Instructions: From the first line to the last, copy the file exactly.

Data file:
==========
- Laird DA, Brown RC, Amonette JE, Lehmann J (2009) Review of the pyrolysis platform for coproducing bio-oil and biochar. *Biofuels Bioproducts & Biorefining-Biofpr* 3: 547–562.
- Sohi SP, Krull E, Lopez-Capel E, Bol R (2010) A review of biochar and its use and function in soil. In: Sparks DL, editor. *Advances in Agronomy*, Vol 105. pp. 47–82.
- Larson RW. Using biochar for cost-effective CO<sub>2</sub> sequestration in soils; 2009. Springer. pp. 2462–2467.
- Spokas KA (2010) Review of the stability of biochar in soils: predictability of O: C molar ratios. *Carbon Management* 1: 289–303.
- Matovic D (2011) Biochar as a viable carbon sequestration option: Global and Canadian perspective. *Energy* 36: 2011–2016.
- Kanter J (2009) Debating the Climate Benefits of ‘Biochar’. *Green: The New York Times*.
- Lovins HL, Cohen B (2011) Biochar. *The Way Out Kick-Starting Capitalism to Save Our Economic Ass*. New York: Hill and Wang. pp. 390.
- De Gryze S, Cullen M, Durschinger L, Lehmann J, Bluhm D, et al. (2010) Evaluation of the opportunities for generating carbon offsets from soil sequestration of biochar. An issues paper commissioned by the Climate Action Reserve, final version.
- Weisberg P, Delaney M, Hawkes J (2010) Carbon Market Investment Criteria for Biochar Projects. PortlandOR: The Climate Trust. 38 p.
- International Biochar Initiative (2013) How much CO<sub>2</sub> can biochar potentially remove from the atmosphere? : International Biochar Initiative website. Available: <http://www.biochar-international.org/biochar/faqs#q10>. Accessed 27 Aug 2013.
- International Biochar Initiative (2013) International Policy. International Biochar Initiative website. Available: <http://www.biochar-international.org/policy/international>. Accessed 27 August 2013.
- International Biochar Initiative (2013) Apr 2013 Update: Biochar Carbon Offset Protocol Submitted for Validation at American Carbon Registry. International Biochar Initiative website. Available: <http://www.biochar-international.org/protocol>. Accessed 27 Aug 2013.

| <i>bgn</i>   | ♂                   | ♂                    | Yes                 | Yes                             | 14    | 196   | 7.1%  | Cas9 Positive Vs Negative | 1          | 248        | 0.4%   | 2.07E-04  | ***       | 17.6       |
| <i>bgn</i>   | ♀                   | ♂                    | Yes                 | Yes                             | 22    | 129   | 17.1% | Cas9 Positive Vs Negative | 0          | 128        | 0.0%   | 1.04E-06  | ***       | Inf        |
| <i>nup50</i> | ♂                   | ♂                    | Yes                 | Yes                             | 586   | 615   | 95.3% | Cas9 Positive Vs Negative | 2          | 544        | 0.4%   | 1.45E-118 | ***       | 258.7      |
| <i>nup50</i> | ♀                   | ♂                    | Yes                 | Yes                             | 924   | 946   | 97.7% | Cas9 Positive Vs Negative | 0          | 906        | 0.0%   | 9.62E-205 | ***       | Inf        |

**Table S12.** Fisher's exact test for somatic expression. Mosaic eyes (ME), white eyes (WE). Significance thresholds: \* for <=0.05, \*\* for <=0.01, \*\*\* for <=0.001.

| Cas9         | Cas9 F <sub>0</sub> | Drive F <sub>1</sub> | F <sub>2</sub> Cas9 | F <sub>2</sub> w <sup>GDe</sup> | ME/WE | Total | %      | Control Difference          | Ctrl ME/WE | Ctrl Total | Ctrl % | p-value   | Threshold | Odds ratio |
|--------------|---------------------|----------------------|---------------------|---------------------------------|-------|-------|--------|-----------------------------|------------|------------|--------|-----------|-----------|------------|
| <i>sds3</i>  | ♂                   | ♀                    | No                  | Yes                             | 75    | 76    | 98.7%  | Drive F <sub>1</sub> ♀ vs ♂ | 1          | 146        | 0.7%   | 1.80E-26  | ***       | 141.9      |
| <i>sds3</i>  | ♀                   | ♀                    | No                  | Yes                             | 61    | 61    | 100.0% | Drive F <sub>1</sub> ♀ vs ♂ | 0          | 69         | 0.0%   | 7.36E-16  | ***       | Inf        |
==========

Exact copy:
- Laird DA, Brown RC, Amonette JE, Lehmann J (2009) Review of the pyrolysis platform for coproducing bio-oil and biochar. *Biofuels Bioproducts & Biorefining-Biofpr* 3: 547–562.
- Sohi SP, Krull E, Lopez-Capel E, Bol R (2010) A review of biochar and its use and function in soil. In: Sparks DL, editor. *Advances in Agronomy*, Vol 105. pp. 47–82.
- Larson RW. Using biochar for cost-effective CO<sub>2</sub> sequestration in soils; 2009. Springer. pp. 2462–2467.
- Spokas KA (2010) Review of the stability of biochar in soils: predictability of O: C molar ratios. *Carbon Management* 1: 289–303.
- Matovic D (2011) Biochar as a viable carbon sequestration option: Global and Canadian perspective. *Energy* 36: 2011–2016.
- Kanter J (2009) Debating the Climate Benefits of ‘Biochar’. *Green: The New York Times*.
- Lovins HL, Cohen B (2011) Biochar. *The Way Out Kick-Starting Capitalism to Save Our Economic Ass*. New York: Hill and Wang. pp. 390.
- De Gryze S, Cullen M, Durschinger L, Lehmann J, Bluhm D, et al. (2010) Evaluation of the opportunities for generating carbon offsets from soil sequestration of biochar. An issues paper commissioned by the Climate Action Reserve, final version.
- Weisberg P, Delaney M, Hawkes J (2010) Carbon Market Investment Criteria for Biochar Projects. PortlandOR: The Climate Trust. 38 p.
- International Biochar Initiative (2013) How much CO<sub>2</sub> can biochar potentially remove from the atmosphere? : International Biochar Initiative website. Available: <http://www.biochar-international.org/biochar/faqs#q10>. Accessed 27 Aug 2013.
- International Biochar Initiative (2013) International Policy. International Biochar Initiative website. Available: <http://www.biochar-international.org/policy/international>. Accessed 27 August 2013.
- International Biochar Initiative (2013) Apr 2013 Update: Biochar Carbon Offset Protocol Submitted for Validation at American Carbon Registry. International Biochar Initiative website. Available: <http://www.biochar-international.org/protocol>. Accessed 27 Aug 2013.

| <i>bgn</i>   | ♂                   | ♂                    | Yes                 | Yes                             | 14    | 196   | 7.1%  | Cas9 Positive Vs Negative | 1          | 248        | 0.4%   | 2.07E-04  | ***       | 17.6       |
| <i>bgn</i>   | ♀                   | ♂                    | Yes                 | Yes                             | 22    | 129   | 17.1% | Cas9 Positive Vs Negative | 0          | 128        | 0.0%   | 1.04E-06  | ***       | Inf        |
| <i>nup50</i> | ♂                   | ♂                    | Yes                 | Yes                             | 586   | 615   | 95.3% | Cas9 Positive Vs Negative | 2          | 544        | 0.4%   | 1.45E-118 | ***       | 258.7      |
| <i>nup50</i> | ♀                   | ♂                    | Yes                 | Yes                             | 924   | 946   | 97.7% | Cas9 Positive Vs Negative | 0          | 906        | 0.0%   | 9.62E-205 | ***       | Inf        |

**Table S12.** Fisher's exact test for somatic expression. Mosaic eyes (ME), white eyes (WE). Significance thresholds: \* for <=0.05, \*\* for <=0.01, \*\*\* for <=0.001.

| Cas9         | Cas9 F <sub>0</sub> | Drive F <sub>1</sub> | F <sub>2</sub> Cas9 | F <sub>2</sub> w <sup>GDe</sup> | ME/WE | Total | %      | Control Difference          | Ctrl ME/WE | Ctrl Total | Ctrl % | p-value   | Threshold | Odds ratio |
|--------------|---------------------|----------------------|---------------------|---------------------------------|-------|-------|--------|-----------------------------|------------|------------|--------|-----------|-----------|------------|
| <i>sds3</i>  | ♂                   | ♀                    | No                  | Yes                             | 75    | 76    | 98.7%  | Drive F <sub>1</sub> ♀ vs ♂ | 1          | 146        | 0.7%   | 1.80E-26  | ***       | 141.9      |
| <i>sds3</i>  | ♀                   | ♀                    | No                  | Yes                             | 61    | 61    | 100.0% | Drive F <sub>1</sub> ♀ vs ♂ | 0          | 69         | 0.0%   | 7.36E-16  | ***       | Inf        |